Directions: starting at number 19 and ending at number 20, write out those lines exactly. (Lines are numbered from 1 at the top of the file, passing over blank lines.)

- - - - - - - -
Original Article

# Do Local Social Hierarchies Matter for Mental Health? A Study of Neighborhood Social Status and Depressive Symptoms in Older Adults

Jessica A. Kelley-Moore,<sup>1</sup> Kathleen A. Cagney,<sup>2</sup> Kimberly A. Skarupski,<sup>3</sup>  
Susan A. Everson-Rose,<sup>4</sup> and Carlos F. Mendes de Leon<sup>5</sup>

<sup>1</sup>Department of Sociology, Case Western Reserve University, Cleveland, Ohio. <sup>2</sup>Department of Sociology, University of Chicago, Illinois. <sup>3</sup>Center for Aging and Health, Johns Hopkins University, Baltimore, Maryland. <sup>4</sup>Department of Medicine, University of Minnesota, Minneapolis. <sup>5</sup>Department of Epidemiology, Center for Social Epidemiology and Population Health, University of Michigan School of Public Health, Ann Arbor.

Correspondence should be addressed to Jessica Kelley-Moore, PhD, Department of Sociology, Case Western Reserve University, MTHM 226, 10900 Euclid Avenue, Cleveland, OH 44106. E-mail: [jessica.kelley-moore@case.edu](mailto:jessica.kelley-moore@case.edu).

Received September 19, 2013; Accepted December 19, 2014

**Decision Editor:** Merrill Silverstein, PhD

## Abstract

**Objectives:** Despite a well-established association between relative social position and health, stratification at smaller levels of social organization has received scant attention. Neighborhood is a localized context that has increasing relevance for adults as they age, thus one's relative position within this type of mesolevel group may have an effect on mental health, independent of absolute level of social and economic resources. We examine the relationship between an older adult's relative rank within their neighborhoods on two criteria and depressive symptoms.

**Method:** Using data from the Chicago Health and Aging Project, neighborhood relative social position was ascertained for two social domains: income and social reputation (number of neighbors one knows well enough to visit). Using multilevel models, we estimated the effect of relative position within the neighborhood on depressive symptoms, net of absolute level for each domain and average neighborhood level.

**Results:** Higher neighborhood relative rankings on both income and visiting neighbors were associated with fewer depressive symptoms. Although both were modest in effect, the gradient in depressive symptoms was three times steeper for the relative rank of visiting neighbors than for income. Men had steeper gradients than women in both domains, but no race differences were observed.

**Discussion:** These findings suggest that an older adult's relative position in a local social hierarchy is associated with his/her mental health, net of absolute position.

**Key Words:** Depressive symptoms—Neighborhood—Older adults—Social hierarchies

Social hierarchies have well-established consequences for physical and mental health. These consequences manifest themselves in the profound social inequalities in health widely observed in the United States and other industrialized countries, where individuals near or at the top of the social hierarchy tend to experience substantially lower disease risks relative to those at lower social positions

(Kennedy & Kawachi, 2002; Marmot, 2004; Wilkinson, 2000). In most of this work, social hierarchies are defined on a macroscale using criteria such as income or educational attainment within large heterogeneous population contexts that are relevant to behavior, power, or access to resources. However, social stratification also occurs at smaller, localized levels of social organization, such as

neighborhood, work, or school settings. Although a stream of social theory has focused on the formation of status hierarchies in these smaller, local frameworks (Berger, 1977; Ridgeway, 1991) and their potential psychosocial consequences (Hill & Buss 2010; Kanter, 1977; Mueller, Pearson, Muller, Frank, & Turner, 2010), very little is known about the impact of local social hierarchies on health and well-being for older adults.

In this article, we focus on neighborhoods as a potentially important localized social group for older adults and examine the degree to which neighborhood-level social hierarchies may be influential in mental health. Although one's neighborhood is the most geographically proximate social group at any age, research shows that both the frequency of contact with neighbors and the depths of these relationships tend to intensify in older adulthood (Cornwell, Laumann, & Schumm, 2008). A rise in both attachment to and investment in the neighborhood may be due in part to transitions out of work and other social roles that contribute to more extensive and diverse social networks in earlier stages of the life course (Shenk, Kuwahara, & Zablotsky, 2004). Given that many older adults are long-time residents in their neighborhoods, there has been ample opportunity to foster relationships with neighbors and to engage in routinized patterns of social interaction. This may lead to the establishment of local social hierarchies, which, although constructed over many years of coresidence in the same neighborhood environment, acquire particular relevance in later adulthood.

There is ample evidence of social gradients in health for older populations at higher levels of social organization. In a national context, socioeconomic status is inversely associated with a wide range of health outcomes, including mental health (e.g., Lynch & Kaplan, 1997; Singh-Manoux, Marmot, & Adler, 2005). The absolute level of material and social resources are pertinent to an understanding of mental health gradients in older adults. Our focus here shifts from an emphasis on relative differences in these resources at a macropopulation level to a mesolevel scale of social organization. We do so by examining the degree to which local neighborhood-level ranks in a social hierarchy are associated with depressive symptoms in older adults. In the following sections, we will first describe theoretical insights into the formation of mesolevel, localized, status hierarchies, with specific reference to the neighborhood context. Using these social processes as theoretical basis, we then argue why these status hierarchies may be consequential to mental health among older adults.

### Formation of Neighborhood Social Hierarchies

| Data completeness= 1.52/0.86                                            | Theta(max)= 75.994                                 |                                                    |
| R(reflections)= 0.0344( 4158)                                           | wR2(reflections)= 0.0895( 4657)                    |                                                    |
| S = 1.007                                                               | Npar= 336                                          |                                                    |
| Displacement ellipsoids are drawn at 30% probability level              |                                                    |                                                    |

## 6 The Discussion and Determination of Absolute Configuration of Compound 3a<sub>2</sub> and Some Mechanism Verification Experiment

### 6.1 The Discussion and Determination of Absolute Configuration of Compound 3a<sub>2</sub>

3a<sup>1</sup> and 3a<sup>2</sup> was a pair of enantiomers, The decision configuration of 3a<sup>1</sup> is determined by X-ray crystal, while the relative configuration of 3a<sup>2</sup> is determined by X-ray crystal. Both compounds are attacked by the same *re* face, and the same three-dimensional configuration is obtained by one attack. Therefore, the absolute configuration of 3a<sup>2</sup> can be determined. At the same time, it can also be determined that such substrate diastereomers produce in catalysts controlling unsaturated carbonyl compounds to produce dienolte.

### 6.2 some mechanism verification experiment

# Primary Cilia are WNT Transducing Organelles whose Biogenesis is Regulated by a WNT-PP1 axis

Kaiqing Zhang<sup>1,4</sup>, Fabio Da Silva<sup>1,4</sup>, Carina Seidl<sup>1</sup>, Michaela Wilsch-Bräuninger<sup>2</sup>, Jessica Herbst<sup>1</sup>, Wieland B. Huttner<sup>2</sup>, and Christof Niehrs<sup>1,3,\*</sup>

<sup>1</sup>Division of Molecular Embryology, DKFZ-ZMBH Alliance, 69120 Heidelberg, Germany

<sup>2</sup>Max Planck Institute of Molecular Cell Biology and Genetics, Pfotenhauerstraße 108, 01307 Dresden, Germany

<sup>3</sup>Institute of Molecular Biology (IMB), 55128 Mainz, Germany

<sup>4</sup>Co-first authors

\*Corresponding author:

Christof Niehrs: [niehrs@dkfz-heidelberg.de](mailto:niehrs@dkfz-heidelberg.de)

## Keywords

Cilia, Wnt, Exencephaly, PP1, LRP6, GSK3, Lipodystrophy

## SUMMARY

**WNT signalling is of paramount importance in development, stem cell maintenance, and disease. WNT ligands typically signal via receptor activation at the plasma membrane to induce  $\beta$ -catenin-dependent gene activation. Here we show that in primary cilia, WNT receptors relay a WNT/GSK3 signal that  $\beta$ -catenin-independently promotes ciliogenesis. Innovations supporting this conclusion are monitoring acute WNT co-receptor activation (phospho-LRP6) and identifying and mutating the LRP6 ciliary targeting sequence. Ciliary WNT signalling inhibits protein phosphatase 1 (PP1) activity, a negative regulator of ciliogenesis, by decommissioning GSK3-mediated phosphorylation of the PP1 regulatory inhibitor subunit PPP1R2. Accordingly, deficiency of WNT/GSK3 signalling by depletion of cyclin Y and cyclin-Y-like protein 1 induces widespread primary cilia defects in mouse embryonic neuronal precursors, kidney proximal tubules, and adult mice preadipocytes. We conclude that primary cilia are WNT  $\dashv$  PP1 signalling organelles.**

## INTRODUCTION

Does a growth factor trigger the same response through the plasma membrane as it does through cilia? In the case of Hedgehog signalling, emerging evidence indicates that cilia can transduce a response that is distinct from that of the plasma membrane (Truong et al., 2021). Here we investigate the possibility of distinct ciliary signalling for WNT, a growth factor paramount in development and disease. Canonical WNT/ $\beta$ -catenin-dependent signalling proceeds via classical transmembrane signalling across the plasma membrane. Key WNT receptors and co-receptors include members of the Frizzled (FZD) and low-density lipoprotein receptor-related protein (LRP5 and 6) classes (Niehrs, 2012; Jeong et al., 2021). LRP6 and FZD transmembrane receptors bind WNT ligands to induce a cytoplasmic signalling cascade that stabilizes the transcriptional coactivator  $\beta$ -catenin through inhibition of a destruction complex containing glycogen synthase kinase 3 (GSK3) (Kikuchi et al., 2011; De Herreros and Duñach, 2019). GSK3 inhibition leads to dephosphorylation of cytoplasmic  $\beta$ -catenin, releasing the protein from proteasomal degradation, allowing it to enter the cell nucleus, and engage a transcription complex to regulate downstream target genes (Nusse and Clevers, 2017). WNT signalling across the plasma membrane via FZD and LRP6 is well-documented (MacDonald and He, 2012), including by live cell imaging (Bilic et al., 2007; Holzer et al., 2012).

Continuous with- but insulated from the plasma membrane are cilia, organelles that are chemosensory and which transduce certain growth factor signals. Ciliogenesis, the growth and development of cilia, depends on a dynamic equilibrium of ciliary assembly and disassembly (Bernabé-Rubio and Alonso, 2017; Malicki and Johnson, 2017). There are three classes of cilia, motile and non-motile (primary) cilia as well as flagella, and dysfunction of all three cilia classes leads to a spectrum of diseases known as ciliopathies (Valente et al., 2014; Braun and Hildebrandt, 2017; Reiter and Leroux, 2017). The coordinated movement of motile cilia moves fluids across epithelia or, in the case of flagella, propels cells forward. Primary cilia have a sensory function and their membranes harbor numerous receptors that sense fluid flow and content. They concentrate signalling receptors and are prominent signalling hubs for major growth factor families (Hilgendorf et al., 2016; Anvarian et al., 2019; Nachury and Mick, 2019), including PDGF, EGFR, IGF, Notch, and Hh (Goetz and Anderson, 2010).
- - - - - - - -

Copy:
There is ample evidence of social gradients in health for older populations at higher levels of social organization. In a national context, socioeconomic status is inversely associated with a wide range of health outcomes, including mental health (e.g., Lynch & Kaplan, 1997; Singh-Manoux, Marmot, & Adler, 2005). The absolute level of material and social resources are pertinent to an understanding of mental health gradients in older adults. Our focus here shifts from an emphasis on relative differences in these resources at a macropopulation level to a mesolevel scale of social organization. We do so by examining the degree to which local neighborhood-level ranks in a social hierarchy are associated with depressive symptoms in older adults. In the following sections, we will first describe theoretical insights into the formation of mesolevel, localized, status hierarchies, with specific reference to the neighborhood context. Using these social processes as theoretical basis, we then argue why these status hierarchies may be consequential to mental health among older adults.

### Formation of Neighborhood Social Hierarchies